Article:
She didn't know she had MS. Could others?
Actress Selma Blair's new documentary follows her struggles with MS and the treatments she has used to help slow its progression. We describe common symptoms to watch for.
Let’s work together to get multiple sclerosis (MS) out of the way of your plans and goals. While MS isn’t yet curable, it can be managed through a personalized care plan that targets your individual challenges and frustrations.
Depending on the type and stage of MS that you have, we’ll focus on minimizing symptoms and doing everything possible to stop the disease from getting worse — and we’ll always try to do that in ways that won’t interrupt your plans or get in the way of your responsibilities and daily activities.
Every expert you see at our Multiple Sclerosis Center understands how MS can impact your overall health. Any specialization we have is only enhanced by the additional experience we have with MS. As a result, you aren’t left trying to explain why your bladder might be bothering you or your vision seems to have changed — our urologist and our ophthalmologist already know that MS might be the culprit. Same goes for our physical therapists, psychologists, speech therapists and other center specialists, all of whom coordinate your care between each other and your lead neurologist.
We don’t want you to have to stop doing what you love or stop dreaming of more. If current therapies aren’t effective or new symptoms surface, we’ll work to find the medicine or other support you need to move forward. We’ll also help you plan for the future.
Physical activity is important for patients with MS. It can increase balance, reduce fatigue, improve mobility and enhance your overall quality of life. We’ll help you maintain safe activity levels and find an appropriate sport for your interests and physical abilities.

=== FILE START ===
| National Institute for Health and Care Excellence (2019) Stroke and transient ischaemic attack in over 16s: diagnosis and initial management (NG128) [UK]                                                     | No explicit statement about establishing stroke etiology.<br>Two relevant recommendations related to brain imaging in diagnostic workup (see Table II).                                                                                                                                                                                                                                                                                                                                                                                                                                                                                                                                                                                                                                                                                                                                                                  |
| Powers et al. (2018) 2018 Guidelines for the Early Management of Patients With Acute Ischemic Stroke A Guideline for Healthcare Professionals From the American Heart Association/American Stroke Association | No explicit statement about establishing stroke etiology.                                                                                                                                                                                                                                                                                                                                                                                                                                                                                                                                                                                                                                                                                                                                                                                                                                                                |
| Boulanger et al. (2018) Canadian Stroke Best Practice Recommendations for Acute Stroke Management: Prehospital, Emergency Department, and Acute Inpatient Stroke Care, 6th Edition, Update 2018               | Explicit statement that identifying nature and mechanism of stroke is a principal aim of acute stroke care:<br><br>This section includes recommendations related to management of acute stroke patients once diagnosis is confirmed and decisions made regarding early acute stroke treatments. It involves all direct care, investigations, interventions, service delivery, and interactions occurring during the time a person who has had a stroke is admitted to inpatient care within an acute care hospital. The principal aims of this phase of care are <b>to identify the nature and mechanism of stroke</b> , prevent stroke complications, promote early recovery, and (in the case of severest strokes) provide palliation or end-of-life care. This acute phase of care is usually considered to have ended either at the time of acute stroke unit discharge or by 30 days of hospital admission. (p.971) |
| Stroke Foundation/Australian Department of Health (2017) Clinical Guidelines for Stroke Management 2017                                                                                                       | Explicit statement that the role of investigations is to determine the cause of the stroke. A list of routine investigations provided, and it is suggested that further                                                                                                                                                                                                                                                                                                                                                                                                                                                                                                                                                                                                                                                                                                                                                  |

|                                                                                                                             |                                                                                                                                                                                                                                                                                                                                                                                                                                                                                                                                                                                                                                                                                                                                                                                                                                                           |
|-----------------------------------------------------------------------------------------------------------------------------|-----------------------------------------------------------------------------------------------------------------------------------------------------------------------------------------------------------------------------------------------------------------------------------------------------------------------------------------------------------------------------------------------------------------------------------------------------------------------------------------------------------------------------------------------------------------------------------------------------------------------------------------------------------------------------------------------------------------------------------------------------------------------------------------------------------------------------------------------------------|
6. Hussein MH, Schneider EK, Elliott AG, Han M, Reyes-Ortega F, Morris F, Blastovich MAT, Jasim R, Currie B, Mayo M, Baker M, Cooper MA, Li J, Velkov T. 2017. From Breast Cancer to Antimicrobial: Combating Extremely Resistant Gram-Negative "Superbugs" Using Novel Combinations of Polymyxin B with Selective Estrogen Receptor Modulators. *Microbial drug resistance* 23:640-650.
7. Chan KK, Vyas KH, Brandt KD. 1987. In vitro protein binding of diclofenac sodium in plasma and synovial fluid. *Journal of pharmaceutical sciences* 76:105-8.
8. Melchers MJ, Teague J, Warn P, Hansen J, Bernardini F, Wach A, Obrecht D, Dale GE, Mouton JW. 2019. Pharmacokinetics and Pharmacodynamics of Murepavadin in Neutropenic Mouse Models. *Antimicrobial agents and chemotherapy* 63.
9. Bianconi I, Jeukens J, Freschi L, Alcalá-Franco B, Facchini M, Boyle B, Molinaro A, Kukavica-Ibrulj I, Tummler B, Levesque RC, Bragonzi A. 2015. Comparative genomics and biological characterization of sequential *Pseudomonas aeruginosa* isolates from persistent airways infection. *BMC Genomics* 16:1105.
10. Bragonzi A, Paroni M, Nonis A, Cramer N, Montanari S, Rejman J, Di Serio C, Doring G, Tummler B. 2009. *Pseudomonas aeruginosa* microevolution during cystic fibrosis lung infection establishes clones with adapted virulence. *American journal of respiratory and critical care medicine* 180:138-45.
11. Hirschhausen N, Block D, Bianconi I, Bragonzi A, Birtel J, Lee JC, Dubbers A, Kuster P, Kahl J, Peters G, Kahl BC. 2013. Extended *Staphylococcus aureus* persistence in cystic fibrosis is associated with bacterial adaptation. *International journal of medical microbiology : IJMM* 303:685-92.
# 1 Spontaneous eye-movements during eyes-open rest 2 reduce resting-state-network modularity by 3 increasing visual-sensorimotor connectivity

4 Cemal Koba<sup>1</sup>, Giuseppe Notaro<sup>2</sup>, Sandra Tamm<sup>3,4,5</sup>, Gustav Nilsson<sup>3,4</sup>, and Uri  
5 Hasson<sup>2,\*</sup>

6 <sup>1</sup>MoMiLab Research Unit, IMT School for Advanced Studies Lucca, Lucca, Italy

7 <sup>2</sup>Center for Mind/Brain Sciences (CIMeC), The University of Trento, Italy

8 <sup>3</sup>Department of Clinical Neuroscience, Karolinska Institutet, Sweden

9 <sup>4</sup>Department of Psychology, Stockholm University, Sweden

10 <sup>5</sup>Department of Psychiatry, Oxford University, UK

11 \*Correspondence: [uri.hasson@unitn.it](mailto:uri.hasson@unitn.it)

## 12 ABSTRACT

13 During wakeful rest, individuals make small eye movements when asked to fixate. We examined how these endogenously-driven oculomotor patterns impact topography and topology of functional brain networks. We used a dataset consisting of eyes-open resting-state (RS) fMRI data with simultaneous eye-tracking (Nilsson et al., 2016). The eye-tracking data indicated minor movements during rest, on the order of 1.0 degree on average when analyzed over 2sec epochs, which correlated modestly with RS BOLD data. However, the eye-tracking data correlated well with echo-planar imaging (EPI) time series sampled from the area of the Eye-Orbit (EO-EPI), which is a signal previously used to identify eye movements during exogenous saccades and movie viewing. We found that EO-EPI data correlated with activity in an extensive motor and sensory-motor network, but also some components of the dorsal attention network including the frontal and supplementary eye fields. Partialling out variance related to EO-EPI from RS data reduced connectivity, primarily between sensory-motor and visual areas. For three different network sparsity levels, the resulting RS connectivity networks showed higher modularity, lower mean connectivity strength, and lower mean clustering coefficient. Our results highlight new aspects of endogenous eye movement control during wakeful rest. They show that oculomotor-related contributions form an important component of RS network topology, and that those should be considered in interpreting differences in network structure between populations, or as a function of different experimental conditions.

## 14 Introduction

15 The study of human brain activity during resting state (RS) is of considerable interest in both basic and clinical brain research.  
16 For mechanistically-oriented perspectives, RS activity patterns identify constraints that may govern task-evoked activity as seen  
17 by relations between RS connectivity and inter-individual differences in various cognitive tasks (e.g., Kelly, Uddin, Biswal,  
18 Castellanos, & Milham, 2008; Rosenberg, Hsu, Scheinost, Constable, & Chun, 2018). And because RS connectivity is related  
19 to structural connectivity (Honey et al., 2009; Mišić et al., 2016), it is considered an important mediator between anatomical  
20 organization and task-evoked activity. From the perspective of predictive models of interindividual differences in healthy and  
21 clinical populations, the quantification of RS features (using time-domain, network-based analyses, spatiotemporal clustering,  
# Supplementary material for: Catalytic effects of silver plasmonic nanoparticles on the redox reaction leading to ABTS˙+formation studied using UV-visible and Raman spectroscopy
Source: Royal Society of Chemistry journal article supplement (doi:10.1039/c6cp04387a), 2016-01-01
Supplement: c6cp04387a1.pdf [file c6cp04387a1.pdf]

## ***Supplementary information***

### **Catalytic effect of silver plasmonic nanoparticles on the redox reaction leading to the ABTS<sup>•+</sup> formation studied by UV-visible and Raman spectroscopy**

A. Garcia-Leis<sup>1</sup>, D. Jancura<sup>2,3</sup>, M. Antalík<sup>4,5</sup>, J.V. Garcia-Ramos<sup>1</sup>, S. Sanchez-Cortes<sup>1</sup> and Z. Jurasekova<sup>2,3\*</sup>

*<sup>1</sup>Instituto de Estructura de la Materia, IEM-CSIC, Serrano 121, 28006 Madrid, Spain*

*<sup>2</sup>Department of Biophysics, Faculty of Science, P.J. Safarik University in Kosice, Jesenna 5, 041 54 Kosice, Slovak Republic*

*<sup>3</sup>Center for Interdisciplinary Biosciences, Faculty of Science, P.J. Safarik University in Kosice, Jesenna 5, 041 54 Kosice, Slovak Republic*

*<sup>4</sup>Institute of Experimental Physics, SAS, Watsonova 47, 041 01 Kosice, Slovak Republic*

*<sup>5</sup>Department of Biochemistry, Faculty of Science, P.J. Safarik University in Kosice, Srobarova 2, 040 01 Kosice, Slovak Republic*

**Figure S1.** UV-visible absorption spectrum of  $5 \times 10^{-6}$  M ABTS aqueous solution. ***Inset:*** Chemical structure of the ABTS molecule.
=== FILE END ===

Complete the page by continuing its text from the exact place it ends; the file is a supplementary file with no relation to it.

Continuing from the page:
We can help you find ways to adjust your workspace for more comfort and safety. We have loads of memory tips and other helpful habits that can make work less tiring too. And if you end up needing short- or long-term disability, we’ll assist with any paperwork.
MS isn’t shown to affect fertility in either men or women, but we can discuss birth control options, and we’ll want to discuss what type of disease-modifying therapies you’re using if you’re thinking about becoming a parent. For our female patients, we’ll partner with your Ob-Gyn or maternal fetal medicine specialist throughout pregnancy, delivery and breastfeeding to keep your baby safe while minimizing your MS symptoms and disease progression.
We know that driving a car is more than an activity; it represents freedom. However, as MS symptoms change, you or a loved one may become concerned about safety. That’s why The Ohio State University Wexner Medical Center offers safe driving assessments and support through our Occupational Therapy Driver Rehabilitation Program. We’ll help you maintain or restore the mobility needed for safe driving. If that’s no longer an option, we’ll connect you to the right community resources so you can get out and about, even without a car.
Just because your physical, cognitive or sensory abilities may limit you in some ways, we can help you adapt. With an understanding of MS, Ohio State’s occupational and speech therapists can work with you to develop better motor control and improved speech. Our unique Outpatient Rehabilitation Assistive Technology program can also provide the specific technology or medical device that may transform your approach to daily life, whether that’s specialized computer equipment, communication devices, vehicle modifications, smart technology or a custom-fitted wheelchair, scooter or walker.
For example, to help prevent falls, install grab bars in the bathroom and don’t use throw rugs. Try adjusting your daily schedule so that your routine is less stressful or tiring.
At some point, most people with MS develop bladder problems. Your doctor may prescribe a medicine to help you. You may be referred to a urologist, who specializes in conditions that affect the bladder.
Increased body temperature can temporarily make your symptoms worse. Use an air conditioner, keep your home cool and avoid heated swimming pools and hot tubs. During warm or hot weather, exercise in an air-conditioned area, rather than outdoors, and wear a cooling vest or collar when you go outside.
Get plenty of fruits, vegetables, grains, cereals, legumes, poultry, fish, lean meats and low-fat dairy products.